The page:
Spring rains bring relief to Ethiopia’s hunger crisis

Addis Ababa—Rain in parts of Ethiopia is bringing some relief to Africa’s second most populous nation, which is in the grip of its worst drought in 50 years.
More than 1 in 10 Ethiopians will require food aid this year, prompting the Ethiopian government and United Nations to appeal for $1.4 billion to respond to the emergency. “Overall, the crisis is going to worsen up until August or September,” said John Graham, country director for Save the Children. “We have not seen the worst yet.” Here are some facts about the spring and summer rains. The March to May rains, or Belg, have begun. “We are so optimistic,” said Mitiku Kassa, head of Ethiopia’s National Disaster Prevention and Preparedness Committee. “The meteorological forecast indicates that the coming belg will be promising.” These rains will help herders in the worst-hit eastern Afar and Somali regions, whose livestock has been decimated.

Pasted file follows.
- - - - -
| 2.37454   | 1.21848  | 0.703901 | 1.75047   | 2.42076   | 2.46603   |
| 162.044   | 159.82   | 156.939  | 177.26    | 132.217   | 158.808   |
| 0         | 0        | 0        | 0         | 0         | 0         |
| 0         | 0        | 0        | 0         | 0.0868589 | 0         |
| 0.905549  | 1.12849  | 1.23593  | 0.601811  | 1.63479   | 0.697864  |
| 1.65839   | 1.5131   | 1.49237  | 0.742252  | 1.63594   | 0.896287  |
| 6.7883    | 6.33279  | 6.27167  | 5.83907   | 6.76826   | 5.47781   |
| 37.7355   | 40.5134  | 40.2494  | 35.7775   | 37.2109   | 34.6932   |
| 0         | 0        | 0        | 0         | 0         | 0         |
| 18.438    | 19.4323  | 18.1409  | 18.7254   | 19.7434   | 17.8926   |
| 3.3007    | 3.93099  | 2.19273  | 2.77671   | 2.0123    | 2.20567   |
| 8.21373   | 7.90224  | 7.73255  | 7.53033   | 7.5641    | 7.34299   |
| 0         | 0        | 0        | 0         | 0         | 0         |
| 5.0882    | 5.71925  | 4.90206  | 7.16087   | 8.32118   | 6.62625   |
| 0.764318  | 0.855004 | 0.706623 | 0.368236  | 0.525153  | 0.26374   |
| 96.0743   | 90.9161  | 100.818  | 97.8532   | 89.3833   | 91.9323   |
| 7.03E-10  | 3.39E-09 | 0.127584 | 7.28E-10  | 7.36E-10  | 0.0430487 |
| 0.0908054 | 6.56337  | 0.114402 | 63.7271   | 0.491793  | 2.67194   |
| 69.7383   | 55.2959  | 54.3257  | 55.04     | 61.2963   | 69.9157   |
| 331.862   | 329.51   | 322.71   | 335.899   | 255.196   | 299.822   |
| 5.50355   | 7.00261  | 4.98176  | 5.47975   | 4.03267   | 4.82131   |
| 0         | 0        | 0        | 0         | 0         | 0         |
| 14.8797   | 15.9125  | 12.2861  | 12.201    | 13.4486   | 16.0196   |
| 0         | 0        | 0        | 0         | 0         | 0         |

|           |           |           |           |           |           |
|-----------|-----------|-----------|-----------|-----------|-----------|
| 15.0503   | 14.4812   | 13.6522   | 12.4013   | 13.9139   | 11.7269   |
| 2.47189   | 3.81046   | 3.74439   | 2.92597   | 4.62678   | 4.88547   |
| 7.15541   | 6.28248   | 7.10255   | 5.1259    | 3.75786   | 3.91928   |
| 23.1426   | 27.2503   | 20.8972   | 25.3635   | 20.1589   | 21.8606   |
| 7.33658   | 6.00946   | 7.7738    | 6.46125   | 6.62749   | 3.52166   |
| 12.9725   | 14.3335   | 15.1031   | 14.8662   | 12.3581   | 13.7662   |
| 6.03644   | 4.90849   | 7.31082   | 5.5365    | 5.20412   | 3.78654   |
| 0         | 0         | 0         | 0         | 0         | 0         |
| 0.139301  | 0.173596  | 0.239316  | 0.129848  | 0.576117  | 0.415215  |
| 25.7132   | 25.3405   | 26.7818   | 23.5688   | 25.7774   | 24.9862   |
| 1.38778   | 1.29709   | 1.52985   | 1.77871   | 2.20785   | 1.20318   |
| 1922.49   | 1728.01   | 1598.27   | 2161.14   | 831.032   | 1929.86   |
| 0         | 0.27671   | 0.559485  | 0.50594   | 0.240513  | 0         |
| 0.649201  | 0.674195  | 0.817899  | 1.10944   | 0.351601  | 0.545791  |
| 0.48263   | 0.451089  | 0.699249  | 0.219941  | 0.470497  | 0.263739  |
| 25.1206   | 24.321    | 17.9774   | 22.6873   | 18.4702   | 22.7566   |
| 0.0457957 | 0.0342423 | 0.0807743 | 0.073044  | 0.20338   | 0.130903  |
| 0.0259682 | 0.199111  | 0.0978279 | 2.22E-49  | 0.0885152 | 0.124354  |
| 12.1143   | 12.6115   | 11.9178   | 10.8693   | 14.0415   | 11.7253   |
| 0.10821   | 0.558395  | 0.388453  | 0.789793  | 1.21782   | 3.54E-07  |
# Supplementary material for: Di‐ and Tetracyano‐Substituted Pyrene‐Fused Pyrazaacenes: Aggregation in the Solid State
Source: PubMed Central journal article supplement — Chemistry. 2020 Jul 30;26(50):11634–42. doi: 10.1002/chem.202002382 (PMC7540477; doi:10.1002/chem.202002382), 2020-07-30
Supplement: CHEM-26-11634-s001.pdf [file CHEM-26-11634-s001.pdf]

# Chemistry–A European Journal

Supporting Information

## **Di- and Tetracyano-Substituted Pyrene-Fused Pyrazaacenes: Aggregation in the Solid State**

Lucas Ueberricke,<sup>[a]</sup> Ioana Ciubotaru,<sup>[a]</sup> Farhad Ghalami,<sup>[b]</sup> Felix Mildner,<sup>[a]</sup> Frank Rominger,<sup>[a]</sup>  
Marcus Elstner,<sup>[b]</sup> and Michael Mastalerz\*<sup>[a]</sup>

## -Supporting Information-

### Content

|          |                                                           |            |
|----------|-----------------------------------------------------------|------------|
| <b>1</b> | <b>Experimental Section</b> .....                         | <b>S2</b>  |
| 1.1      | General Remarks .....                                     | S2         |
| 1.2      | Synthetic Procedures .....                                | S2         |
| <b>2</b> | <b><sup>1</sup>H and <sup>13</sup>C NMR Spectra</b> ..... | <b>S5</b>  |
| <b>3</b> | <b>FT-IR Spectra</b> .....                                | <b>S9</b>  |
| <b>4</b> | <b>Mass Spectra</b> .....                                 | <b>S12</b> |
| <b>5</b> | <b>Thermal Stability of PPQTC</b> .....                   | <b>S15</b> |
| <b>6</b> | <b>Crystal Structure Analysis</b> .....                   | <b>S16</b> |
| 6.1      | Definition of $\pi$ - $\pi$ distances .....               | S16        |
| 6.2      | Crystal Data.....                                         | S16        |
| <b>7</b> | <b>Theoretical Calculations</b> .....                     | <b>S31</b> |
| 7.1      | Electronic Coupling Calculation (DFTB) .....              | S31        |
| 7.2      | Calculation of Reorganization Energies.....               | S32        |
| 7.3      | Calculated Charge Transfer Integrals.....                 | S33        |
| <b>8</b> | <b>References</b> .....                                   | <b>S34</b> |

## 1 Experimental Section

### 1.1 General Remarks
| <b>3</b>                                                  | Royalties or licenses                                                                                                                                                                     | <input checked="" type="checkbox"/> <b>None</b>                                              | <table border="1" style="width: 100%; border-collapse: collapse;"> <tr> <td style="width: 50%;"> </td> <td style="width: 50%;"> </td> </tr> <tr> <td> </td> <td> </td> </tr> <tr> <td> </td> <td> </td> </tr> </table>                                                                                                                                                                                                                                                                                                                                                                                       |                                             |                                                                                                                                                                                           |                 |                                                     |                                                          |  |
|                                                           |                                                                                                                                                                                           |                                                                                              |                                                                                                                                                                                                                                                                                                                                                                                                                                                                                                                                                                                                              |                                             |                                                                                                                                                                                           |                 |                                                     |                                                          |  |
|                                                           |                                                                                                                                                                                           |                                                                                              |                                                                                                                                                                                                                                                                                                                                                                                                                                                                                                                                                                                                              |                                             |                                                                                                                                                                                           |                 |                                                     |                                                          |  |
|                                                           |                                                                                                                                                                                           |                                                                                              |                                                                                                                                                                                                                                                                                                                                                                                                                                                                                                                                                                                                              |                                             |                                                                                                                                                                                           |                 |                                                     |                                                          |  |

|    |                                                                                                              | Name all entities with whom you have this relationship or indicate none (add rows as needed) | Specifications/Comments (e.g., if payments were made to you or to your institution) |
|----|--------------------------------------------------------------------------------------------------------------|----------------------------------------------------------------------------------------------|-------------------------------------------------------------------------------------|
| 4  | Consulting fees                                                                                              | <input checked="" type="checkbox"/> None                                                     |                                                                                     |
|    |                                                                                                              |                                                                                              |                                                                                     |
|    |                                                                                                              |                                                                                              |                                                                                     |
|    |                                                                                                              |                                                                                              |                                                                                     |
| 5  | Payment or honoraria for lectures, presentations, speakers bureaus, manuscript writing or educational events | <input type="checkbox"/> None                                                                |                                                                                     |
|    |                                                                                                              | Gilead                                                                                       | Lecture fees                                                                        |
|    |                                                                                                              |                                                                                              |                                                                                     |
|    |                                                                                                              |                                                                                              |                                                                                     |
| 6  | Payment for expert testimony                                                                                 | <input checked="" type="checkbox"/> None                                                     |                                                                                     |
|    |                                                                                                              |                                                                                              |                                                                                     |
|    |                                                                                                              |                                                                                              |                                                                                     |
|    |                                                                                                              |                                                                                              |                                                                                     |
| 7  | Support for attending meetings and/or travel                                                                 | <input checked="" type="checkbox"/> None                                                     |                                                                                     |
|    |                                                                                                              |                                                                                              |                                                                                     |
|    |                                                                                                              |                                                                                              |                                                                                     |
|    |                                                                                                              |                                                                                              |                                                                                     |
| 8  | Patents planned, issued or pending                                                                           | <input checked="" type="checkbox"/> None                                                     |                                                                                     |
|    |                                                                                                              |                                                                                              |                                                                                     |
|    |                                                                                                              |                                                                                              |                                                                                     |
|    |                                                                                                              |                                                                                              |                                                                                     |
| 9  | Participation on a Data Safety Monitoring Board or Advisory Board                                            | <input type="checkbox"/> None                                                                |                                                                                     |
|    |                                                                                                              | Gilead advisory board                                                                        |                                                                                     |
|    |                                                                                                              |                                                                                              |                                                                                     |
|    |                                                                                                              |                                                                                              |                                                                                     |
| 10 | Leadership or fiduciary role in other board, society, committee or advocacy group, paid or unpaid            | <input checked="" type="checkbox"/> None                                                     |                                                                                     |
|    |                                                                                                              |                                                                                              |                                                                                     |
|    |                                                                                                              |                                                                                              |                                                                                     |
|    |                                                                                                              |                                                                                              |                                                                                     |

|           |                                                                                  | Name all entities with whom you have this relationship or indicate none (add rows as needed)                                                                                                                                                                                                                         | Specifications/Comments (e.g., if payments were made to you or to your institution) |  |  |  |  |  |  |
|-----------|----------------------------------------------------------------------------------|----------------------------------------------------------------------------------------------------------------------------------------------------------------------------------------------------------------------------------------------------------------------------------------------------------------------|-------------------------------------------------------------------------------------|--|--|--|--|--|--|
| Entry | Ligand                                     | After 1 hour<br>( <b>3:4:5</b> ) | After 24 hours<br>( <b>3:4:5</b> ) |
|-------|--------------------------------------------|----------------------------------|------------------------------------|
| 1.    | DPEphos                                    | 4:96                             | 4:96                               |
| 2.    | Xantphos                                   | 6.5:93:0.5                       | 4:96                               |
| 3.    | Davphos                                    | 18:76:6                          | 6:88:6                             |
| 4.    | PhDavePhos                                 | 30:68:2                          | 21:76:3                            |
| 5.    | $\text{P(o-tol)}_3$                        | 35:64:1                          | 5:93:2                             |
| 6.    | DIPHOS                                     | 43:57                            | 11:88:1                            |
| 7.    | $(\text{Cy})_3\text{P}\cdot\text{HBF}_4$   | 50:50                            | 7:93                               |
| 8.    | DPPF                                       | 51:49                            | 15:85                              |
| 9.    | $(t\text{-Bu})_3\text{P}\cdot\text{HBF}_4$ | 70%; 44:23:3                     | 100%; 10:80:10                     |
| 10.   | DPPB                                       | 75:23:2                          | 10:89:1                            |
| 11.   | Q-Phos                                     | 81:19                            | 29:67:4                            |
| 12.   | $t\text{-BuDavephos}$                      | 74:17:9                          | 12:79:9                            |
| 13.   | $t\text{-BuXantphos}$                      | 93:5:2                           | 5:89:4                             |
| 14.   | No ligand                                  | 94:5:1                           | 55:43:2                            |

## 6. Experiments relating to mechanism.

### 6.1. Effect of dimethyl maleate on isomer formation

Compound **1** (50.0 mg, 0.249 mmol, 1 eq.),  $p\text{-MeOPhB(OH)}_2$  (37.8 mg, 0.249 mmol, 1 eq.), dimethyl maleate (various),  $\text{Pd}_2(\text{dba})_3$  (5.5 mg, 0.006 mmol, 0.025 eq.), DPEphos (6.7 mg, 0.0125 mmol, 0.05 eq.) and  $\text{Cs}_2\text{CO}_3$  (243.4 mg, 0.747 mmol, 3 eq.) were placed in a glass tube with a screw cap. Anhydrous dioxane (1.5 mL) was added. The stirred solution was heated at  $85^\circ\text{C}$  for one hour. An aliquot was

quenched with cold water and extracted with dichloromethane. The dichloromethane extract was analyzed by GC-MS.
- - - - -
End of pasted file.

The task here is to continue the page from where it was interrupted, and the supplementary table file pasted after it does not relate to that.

“They can recover quite quickly once there’s rain because the forage starts to grow quickly,” Graham said. The Belg contributes 10 percent of annual food production. In April and May, the government and agencies will reassess the hunger situation across the country and update their humanitarian response plan. Good spring rains will enable 1 million people receiving food aid to feed themselves by July, the United Nations said. Most people depend on the June to September Meher rains, which account for 90 percent of food production. “For most of the country, we are waiting to see what will happen with the main summer rains, which last significantly longer and produce the most harvest,”.—Reuters

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